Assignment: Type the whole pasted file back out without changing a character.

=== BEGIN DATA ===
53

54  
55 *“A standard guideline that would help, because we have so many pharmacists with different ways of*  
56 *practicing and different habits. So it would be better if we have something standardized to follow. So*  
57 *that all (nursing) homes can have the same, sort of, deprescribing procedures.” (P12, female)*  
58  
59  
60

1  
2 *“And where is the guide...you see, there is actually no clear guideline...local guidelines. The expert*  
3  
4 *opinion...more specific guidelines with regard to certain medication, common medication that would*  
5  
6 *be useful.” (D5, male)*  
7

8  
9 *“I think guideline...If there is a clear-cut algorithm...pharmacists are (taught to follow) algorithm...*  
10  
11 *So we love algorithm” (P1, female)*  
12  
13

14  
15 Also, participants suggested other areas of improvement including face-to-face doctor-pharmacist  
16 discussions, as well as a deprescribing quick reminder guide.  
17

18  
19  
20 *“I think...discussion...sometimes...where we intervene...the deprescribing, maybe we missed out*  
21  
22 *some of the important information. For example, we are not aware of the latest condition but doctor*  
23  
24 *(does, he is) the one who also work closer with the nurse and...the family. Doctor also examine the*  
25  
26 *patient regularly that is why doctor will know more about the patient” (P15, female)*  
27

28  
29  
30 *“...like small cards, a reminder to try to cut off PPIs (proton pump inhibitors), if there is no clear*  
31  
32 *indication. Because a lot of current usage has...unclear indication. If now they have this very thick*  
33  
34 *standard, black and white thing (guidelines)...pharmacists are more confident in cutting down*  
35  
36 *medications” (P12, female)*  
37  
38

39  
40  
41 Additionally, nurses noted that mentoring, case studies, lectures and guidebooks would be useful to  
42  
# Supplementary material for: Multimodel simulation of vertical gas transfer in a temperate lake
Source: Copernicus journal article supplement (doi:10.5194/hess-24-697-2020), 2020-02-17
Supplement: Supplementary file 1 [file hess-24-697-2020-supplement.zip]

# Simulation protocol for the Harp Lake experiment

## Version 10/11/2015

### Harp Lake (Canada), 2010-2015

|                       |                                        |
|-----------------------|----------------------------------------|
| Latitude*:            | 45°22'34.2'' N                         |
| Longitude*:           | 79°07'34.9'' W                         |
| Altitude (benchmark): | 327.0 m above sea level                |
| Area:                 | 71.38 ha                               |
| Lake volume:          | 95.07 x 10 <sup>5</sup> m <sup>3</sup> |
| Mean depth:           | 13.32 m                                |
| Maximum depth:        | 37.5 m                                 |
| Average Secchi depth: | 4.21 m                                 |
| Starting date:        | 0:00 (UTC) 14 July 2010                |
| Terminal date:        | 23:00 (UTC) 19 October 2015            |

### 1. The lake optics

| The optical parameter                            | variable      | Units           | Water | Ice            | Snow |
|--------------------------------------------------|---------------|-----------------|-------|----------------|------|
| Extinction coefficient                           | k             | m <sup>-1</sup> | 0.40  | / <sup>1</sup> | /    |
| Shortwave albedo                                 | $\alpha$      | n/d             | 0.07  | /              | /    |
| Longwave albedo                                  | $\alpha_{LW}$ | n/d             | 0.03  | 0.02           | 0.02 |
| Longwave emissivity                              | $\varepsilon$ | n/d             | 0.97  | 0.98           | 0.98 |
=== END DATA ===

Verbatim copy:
53

54  
55 *“A standard guideline that would help, because we have so many pharmacists with different ways of*  
56 *practicing and different habits. So it would be better if we have something standardized to follow. So*  
57 *that all (nursing) homes can have the same, sort of, deprescribing procedures.” (P12, female)*  
58  
59  
60

1  
2 *“And where is the guide...you see, there is actually no clear guideline...local guidelines. The expert*  
3  
4 *opinion...more specific guidelines with regard to certain medication, common medication that would*  
5  
6 *be useful.” (D5, male)*  
7

8  
9 *“I think guideline...If there is a clear-cut algorithm...pharmacists are (taught to follow) algorithm...*  
10  
11 *So we love algorithm” (P1, female)*  
12  
13

14  
15 Also, participants suggested other areas of improvement including face-to-face doctor-pharmacist  
16 discussions, as well as a deprescribing quick reminder guide.  
17

18  
19  
20 *“I think...discussion...sometimes...where we intervene...the deprescribing, maybe we missed out*  
21  
22 *some of the important information. For example, we are not aware of the latest condition but doctor*  
23  
24 *(does, he is) the one who also work closer with the nurse and...the family. Doctor also examine the*  
25  
26 *patient regularly that is why doctor will know more about the patient” (P15, female)*  
27

28  
29  
30 *“...like small cards, a reminder to try to cut off PPIs (proton pump inhibitors), if there is no clear*  
31  
32 *indication. Because a lot of current usage has...unclear indication. If now they have this very thick*  
33  
34 *standard, black and white thing (guidelines)...pharmacists are more confident in cutting down*  
35  
36 *medications” (P12, female)*  
37  
38

39  
40  
41 Additionally, nurses noted that mentoring, case studies, lectures and guidebooks would be useful to  
42  
# Supplementary material for: Multimodel simulation of vertical gas transfer in a temperate lake
Source: Copernicus journal article supplement (doi:10.5194/hess-24-697-2020), 2020-02-17
Supplement: Supplementary file 1 [file hess-24-697-2020-supplement.zip]

# Simulation protocol for the Harp Lake experiment

## Version 10/11/2015

### Harp Lake (Canada), 2010-2015

|                       |                                        |
|-----------------------|----------------------------------------|
| Latitude*:            | 45°22'34.2'' N                         |
| Longitude*:           | 79°07'34.9'' W                         |
| Altitude (benchmark): | 327.0 m above sea level                |
| Area:                 | 71.38 ha                               |
| Lake volume:          | 95.07 x 10 <sup>5</sup> m <sup>3</sup> |
| Mean depth:           | 13.32 m                                |
| Maximum depth:        | 37.5 m                                 |
| Average Secchi depth: | 4.21 m                                 |
| Starting date:        | 0:00 (UTC) 14 July 2010                |
| Terminal date:        | 23:00 (UTC) 19 October 2015            |

### 1. The lake optics

| The optical parameter                            | variable      | Units           | Water | Ice            | Snow |
|--------------------------------------------------|---------------|-----------------|-------|----------------|------|
| Extinction coefficient                           | k             | m <sup>-1</sup> | 0.40  | / <sup>1</sup> | /    |
| Shortwave albedo                                 | $\alpha$      | n/d             | 0.07  | /              | /    |
| Longwave albedo                                  | $\alpha_{LW}$ | n/d             | 0.03  | 0.02           | 0.02 |
| Longwave emissivity                              | $\varepsilon$ | n/d             | 0.97  | 0.98           | 0.98 |